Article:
To do that, he and his research team use a suite of technologies to track a variety of fish in a variety of locations. A typical expedition on the water lasts anywhere from one to two weeks, during which time they catch, measure and tag anywhere from 10 to 15 fish. Over the next year, data regarding the fish’s location is transmitted back to Sulikowski’s lab in real time. Using that data, his team can glean such insights as how fish population distributions and biological characteristics are affected by environmental factors like fishing industry and warming ocean waters.
“Those are things that are really important to us to understand, and because the environment's changing so quickly, research that was conducted over the last 10 to 15 years all needs to be redone,” Sulikowski said. “So it's an exciting time but it’s also a daunting time.”
Because sustainability is an important aspect of his work, Sulikowski aspires to using noninvasive and nonlethal methods of data collection in his lab. So for fish whose populations are endangered or threatened, they take blood samples or perform ultrasounds instead of sacrificing the fish.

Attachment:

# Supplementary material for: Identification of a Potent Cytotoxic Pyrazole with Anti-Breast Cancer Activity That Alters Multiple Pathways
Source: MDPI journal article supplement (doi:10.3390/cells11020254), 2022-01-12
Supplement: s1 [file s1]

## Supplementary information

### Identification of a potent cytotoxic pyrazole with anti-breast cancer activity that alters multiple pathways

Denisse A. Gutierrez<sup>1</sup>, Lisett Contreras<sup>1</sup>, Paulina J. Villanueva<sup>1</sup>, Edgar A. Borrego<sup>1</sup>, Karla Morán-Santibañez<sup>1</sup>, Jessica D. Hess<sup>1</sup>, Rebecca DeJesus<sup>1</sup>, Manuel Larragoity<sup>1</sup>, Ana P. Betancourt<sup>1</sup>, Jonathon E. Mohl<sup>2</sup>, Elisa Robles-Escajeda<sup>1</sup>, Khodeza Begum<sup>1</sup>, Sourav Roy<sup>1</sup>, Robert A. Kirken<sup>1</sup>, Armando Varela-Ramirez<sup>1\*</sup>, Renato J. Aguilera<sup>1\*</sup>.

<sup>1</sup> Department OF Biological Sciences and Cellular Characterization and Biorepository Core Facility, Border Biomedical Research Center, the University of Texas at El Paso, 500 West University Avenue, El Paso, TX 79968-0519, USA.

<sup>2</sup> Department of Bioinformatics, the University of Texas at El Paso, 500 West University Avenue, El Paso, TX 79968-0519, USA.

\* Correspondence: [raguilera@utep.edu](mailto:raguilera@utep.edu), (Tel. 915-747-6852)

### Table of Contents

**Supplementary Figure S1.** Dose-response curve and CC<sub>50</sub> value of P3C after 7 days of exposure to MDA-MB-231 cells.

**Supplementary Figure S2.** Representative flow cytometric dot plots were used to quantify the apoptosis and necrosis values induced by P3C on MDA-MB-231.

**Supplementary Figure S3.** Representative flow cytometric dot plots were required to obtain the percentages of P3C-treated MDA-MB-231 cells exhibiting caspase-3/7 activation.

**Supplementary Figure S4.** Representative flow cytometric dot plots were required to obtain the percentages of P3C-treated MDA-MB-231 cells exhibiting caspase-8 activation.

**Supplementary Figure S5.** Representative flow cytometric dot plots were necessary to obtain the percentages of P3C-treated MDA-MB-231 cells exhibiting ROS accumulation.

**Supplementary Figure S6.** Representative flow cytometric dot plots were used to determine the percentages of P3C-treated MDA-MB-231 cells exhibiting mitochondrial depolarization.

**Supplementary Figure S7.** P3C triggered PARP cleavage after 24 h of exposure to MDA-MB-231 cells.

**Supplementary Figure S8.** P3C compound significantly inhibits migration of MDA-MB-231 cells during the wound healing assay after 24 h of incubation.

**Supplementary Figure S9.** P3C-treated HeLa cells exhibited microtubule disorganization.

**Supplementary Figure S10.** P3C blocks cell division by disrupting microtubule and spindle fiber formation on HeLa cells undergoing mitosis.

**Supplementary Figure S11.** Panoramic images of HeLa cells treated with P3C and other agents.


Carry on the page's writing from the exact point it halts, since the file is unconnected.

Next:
Student involvement in research is also important to him. Recently, a group of his students took a boat out off the coast of Maine and ended up finding and tagging a thresher shark.
“Finding a thresher shark is like finding a needle in a haystack; it’s a gold mine,” he said. “And for students to be able to see that is absolutely incredible. One of my goals is to train the next generation (of researchers), and the way you train the next generation is you give them hands-on experiences.”